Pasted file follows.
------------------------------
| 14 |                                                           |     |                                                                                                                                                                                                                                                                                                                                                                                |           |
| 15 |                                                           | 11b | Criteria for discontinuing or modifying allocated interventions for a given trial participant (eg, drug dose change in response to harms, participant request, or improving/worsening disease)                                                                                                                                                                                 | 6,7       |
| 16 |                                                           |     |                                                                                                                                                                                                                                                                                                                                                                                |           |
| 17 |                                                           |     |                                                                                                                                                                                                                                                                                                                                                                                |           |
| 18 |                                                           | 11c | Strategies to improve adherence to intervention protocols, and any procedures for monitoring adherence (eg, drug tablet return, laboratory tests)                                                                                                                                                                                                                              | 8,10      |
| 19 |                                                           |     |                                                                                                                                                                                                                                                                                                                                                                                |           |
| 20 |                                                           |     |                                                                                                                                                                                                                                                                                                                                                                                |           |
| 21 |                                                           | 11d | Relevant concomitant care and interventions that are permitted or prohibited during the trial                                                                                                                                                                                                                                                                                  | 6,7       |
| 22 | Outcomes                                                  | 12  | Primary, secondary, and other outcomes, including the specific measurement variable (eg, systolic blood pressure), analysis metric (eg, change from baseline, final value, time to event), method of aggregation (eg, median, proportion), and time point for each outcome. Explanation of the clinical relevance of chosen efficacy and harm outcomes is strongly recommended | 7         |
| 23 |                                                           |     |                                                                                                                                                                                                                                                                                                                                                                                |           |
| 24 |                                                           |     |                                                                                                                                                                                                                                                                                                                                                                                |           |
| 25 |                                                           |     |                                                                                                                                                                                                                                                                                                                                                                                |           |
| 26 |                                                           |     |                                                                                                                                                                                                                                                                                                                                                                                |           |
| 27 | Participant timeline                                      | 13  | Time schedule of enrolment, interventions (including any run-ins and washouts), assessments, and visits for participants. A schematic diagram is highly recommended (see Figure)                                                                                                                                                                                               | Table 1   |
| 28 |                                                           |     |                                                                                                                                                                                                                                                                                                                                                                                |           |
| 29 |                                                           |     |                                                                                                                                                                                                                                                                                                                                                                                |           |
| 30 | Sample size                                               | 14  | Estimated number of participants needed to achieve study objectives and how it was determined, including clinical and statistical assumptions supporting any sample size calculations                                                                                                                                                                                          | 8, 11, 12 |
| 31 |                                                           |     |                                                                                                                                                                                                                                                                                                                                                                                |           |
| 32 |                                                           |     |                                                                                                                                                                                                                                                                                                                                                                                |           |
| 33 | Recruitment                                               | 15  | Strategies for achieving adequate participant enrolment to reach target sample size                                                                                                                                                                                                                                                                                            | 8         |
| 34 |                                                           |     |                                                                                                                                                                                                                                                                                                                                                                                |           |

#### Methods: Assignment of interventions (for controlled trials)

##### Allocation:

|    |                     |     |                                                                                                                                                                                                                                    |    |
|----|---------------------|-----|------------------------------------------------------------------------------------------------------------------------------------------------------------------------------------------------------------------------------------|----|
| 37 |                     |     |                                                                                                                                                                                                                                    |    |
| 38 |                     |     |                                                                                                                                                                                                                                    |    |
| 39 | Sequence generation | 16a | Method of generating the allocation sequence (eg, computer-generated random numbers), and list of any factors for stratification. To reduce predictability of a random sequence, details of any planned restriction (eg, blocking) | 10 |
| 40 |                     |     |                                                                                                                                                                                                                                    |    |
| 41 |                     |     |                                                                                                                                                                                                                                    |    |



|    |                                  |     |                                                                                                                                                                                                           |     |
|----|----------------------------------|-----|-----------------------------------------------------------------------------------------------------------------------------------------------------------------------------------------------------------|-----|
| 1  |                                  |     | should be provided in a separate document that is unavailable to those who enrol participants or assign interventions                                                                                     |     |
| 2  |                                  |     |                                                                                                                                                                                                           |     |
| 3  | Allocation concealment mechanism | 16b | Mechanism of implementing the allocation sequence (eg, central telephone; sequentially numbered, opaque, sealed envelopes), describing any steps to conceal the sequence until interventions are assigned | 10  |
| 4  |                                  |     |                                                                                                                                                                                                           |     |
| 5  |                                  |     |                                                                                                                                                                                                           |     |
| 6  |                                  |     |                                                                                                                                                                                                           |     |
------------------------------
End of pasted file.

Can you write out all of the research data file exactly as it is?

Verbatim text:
| 14 |                                                           |     |                                                                                                                                                                                                                                                                                                                                                                                |           |
| 15 |                                                           | 11b | Criteria for discontinuing or modifying allocated interventions for a given trial participant (eg, drug dose change in response to harms, participant request, or improving/worsening disease)                                                                                                                                                                                 | 6,7       |
| 16 |                                                           |     |                                                                                                                                                                                                                                                                                                                                                                                |           |
| 17 |                                                           |     |                                                                                                                                                                                                                                                                                                                                                                                |           |
| 18 |                                                           | 11c | Strategies to improve adherence to intervention protocols, and any procedures for monitoring adherence (eg, drug tablet return, laboratory tests)                                                                                                                                                                                                                              | 8,10      |
| 19 |                                                           |     |                                                                                                                                                                                                                                                                                                                                                                                |           |
| 20 |                                                           |     |                                                                                                                                                                                                                                                                                                                                                                                |           |
| 21 |                                                           | 11d | Relevant concomitant care and interventions that are permitted or prohibited during the trial                                                                                                                                                                                                                                                                                  | 6,7       |
| 22 | Outcomes                                                  | 12  | Primary, secondary, and other outcomes, including the specific measurement variable (eg, systolic blood pressure), analysis metric (eg, change from baseline, final value, time to event), method of aggregation (eg, median, proportion), and time point for each outcome. Explanation of the clinical relevance of chosen efficacy and harm outcomes is strongly recommended | 7         |
| 23 |                                                           |     |                                                                                                                                                                                                                                                                                                                                                                                |           |
| 24 |                                                           |     |                                                                                                                                                                                                                                                                                                                                                                                |           |
| 25 |                                                           |     |                                                                                                                                                                                                                                                                                                                                                                                |           |
| 26 |                                                           |     |                                                                                                                                                                                                                                                                                                                                                                                |           |
| 27 | Participant timeline                                      | 13  | Time schedule of enrolment, interventions (including any run-ins and washouts), assessments, and visits for participants. A schematic diagram is highly recommended (see Figure)                                                                                                                                                                                               | Table 1   |
| 28 |                                                           |     |                                                                                                                                                                                                                                                                                                                                                                                |           |
| 29 |                                                           |     |                                                                                                                                                                                                                                                                                                                                                                                |           |
| 30 | Sample size                                               | 14  | Estimated number of participants needed to achieve study objectives and how it was determined, including clinical and statistical assumptions supporting any sample size calculations                                                                                                                                                                                          | 8, 11, 12 |
| 31 |                                                           |     |                                                                                                                                                                                                                                                                                                                                                                                |           |
| 32 |                                                           |     |                                                                                                                                                                                                                                                                                                                                                                                |           |
| 33 | Recruitment                                               | 15  | Strategies for achieving adequate participant enrolment to reach target sample size                                                                                                                                                                                                                                                                                            | 8         |
| 34 |                                                           |     |                                                                                                                                                                                                                                                                                                                                                                                |           |

#### Methods: Assignment of interventions (for controlled trials)

##### Allocation:

|    |                     |     |                                                                                                                                                                                                                                    |    |
|----|---------------------|-----|------------------------------------------------------------------------------------------------------------------------------------------------------------------------------------------------------------------------------------|----|
| 37 |                     |     |                                                                                                                                                                                                                                    |    |
| 38 |                     |     |                                                                                                                                                                                                                                    |    |
| 39 | Sequence generation | 16a | Method of generating the allocation sequence (eg, computer-generated random numbers), and list of any factors for stratification. To reduce predictability of a random sequence, details of any planned restriction (eg, blocking) | 10 |
| 40 |                     |     |                                                                                                                                                                                                                                    |    |
| 41 |                     |     |                                                                                                                                                                                                                                    |    |



|    |                                  |     |                                                                                                                                                                                                           |     |
|----|----------------------------------|-----|-----------------------------------------------------------------------------------------------------------------------------------------------------------------------------------------------------------|-----|
| 1  |                                  |     | should be provided in a separate document that is unavailable to those who enrol participants or assign interventions                                                                                     |     |
| 2  |                                  |     |                                                                                                                                                                                                           |     |
| 3  | Allocation concealment mechanism | 16b | Mechanism of implementing the allocation sequence (eg, central telephone; sequentially numbered, opaque, sealed envelopes), describing any steps to conceal the sequence until interventions are assigned | 10  |
| 4  |                                  |     |                                                                                                                                                                                                           |     |
| 5  |                                  |     |                                                                                                                                                                                                           |     |
| 6  |                                  |     |                                                                                                                                                                                                           |     |